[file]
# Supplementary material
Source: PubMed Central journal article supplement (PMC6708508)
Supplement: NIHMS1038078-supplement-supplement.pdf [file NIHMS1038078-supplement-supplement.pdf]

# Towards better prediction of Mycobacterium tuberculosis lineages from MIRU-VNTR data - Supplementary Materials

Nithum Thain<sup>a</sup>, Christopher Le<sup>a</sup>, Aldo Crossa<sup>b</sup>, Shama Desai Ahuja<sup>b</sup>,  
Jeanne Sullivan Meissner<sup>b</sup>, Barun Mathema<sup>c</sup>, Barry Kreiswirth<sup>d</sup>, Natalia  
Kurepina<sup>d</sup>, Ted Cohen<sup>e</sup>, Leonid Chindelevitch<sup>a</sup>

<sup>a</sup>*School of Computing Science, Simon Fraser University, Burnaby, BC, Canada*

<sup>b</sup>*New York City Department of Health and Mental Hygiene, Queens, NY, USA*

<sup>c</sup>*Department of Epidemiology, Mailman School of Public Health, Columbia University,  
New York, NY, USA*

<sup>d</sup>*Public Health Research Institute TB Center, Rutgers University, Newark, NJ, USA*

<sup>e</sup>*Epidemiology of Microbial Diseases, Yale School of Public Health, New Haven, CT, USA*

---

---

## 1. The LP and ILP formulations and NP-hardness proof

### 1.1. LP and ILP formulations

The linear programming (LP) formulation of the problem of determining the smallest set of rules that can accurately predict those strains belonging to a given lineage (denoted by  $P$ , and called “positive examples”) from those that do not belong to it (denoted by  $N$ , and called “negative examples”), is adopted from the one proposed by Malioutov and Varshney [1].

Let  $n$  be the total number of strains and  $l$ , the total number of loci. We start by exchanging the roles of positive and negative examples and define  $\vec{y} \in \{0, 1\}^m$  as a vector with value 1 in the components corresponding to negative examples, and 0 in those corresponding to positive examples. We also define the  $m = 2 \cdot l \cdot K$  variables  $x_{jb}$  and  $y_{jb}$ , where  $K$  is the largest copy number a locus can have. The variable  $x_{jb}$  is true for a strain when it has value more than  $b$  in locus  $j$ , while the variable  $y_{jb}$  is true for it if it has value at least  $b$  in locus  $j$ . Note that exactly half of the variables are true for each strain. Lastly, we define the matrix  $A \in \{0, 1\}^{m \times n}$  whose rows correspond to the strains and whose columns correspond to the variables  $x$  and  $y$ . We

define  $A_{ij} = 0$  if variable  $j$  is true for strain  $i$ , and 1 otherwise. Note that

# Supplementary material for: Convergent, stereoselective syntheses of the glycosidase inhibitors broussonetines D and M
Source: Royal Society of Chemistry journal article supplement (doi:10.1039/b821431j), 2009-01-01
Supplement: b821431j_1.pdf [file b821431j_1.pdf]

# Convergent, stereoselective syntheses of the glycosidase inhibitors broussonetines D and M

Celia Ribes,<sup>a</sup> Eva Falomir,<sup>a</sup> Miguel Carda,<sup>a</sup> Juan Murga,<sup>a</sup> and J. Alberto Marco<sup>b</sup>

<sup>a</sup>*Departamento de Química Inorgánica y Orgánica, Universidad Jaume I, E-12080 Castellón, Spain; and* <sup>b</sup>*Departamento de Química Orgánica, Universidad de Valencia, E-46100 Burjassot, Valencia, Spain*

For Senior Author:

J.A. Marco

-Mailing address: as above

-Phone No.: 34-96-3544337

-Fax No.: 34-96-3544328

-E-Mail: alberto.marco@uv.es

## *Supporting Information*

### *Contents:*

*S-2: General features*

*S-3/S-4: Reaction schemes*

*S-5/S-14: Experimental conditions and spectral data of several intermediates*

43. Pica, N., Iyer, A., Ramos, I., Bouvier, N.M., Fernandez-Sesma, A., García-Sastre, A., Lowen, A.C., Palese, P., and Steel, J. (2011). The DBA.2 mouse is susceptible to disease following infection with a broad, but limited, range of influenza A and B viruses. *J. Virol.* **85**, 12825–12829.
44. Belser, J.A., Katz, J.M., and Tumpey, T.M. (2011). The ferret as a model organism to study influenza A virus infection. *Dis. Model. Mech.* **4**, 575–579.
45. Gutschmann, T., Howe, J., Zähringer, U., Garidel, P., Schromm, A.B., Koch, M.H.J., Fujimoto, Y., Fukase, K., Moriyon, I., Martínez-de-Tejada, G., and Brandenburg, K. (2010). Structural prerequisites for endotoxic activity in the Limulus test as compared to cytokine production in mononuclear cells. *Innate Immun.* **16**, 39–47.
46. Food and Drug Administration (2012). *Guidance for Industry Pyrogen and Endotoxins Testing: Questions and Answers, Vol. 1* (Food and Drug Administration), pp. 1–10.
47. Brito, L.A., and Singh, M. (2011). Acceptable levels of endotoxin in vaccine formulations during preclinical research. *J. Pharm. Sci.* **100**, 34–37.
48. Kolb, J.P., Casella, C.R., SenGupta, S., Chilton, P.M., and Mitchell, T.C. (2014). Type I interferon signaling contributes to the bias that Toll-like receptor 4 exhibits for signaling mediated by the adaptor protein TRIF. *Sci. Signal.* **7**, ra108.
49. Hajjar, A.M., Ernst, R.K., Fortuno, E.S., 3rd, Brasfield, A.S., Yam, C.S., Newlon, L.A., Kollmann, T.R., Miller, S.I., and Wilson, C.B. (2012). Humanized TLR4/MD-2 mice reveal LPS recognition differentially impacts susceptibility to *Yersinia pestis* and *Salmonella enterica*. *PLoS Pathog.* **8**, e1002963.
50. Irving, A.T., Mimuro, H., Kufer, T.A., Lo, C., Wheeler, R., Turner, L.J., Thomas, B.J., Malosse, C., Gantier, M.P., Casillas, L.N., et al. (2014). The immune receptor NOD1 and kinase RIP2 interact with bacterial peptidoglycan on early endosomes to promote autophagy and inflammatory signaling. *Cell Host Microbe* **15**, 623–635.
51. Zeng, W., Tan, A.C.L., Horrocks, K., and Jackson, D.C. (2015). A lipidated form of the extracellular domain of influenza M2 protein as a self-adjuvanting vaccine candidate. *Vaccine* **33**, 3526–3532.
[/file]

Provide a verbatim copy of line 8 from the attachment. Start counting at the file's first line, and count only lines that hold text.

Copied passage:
<sup>a</sup>*School of Computing Science, Simon Fraser University, Burnaby, BC, Canada*